Going into the theatre, I was aware of the general themes that would be covered – a synopsis noted that Chekhov’s The Seagull and climate change would be the main thematic influences.
The set design was eclectic, involving various old cabinets and classical wind-up toys.
Ultimately, though, I went in with no idea what the show was about.
After a slow and predictable monologue beginning, my expectations were upended in a few ways.
Firstly, the style of Rubin’s performance was eclectic and surreal.
From the animals and marionettes that speak with divine wisdom, to the cheery hostess at the end of the world, Rubin’s characters are ephemeral and conjure a dreamy atmosphere over the performance.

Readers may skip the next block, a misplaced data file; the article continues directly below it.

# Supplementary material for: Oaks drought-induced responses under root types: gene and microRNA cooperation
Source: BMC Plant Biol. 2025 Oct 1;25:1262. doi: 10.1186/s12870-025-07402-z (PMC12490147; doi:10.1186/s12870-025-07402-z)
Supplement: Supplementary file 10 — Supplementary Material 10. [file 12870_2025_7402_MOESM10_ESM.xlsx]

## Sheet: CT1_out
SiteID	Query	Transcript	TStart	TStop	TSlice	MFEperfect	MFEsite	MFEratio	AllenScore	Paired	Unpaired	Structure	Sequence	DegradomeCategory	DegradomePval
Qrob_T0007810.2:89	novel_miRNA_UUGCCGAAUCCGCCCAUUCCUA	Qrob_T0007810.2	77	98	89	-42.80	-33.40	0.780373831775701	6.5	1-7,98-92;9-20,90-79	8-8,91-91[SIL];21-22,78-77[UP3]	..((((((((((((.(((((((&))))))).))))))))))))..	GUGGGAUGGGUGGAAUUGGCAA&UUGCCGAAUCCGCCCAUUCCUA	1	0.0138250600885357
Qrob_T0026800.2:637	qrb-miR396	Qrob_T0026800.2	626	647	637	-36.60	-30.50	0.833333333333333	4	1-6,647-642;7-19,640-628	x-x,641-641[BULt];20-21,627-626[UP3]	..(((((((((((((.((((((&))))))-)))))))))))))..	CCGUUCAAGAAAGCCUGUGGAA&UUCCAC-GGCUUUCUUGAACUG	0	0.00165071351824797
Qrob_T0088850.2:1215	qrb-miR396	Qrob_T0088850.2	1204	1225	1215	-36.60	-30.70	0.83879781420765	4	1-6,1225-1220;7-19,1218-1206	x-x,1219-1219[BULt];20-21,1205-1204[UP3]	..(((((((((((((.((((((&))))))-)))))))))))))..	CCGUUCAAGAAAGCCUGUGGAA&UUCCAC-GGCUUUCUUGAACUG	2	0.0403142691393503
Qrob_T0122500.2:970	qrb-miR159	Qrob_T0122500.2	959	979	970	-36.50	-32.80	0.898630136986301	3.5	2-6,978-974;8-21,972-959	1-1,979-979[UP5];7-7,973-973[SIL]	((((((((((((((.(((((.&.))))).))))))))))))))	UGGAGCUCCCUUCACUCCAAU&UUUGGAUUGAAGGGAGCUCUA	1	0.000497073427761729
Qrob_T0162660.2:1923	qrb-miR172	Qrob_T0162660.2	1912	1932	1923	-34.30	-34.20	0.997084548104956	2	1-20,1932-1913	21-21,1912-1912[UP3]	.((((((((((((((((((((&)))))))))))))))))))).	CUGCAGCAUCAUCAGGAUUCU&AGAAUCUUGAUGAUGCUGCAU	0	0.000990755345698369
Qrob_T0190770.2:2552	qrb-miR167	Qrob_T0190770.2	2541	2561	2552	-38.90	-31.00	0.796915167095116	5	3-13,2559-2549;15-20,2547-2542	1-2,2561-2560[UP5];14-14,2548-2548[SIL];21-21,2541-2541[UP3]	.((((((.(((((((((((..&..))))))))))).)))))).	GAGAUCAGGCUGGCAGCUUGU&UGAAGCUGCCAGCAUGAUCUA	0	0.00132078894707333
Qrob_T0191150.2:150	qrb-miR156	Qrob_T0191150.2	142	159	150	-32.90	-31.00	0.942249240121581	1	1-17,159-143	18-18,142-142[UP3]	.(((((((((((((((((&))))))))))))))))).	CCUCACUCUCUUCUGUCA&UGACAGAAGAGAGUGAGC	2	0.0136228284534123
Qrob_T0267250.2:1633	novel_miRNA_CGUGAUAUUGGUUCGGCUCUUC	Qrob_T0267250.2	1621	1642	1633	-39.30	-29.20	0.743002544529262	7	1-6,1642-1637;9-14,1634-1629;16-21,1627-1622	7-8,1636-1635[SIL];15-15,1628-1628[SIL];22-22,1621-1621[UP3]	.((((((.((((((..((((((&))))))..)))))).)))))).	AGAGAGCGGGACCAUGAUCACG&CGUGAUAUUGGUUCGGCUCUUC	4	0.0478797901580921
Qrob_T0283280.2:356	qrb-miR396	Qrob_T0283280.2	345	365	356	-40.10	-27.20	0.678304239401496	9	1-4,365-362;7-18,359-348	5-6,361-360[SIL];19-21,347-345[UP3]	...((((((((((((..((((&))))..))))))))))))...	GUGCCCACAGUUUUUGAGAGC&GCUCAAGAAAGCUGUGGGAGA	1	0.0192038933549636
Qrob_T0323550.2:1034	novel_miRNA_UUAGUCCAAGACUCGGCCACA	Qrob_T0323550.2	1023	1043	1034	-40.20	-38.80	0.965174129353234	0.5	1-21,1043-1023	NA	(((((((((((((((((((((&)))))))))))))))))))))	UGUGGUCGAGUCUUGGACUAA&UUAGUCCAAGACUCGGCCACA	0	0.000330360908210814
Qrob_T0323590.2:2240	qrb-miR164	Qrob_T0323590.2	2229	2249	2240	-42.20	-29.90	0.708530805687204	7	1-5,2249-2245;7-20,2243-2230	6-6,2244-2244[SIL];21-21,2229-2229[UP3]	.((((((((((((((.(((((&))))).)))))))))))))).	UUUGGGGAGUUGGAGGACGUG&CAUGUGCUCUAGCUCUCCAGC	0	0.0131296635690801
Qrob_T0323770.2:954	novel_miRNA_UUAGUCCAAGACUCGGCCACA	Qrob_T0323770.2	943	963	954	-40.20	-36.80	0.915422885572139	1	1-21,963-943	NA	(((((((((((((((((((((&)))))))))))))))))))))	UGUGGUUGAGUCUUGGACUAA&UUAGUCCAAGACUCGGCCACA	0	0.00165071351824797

The set design adds to this effect, enabling the performer to move between audience involvement and detachment.
Secondly, Rubin performed with an undeniable intensity that becomes more involving as the show progresses.
Her natural capacity to command a room was one of the show’s greatest strengths and helped to hold my attention despite the subject matter being indirect and difficult to pin down.
Thematically, the show focused on existential dread.
This was developed firstly through a retelling of Chekhov’s The Seagull, and the story of an idyllic world being torn to pieces by ignorance.
Deftly, the show moves between this classical tragedy and an examination of modern anxieties, firstly the Hindenburg disaster, and secondly our failing climate.
I found Rubin’s poetic voice on these anxieties to be incredibly moving, and a startlingly original treatise on disbelief and helplessness in the face of catastrophe.
Please go see this wonderful performance, one of the best and most unexpected I’ve ever seen.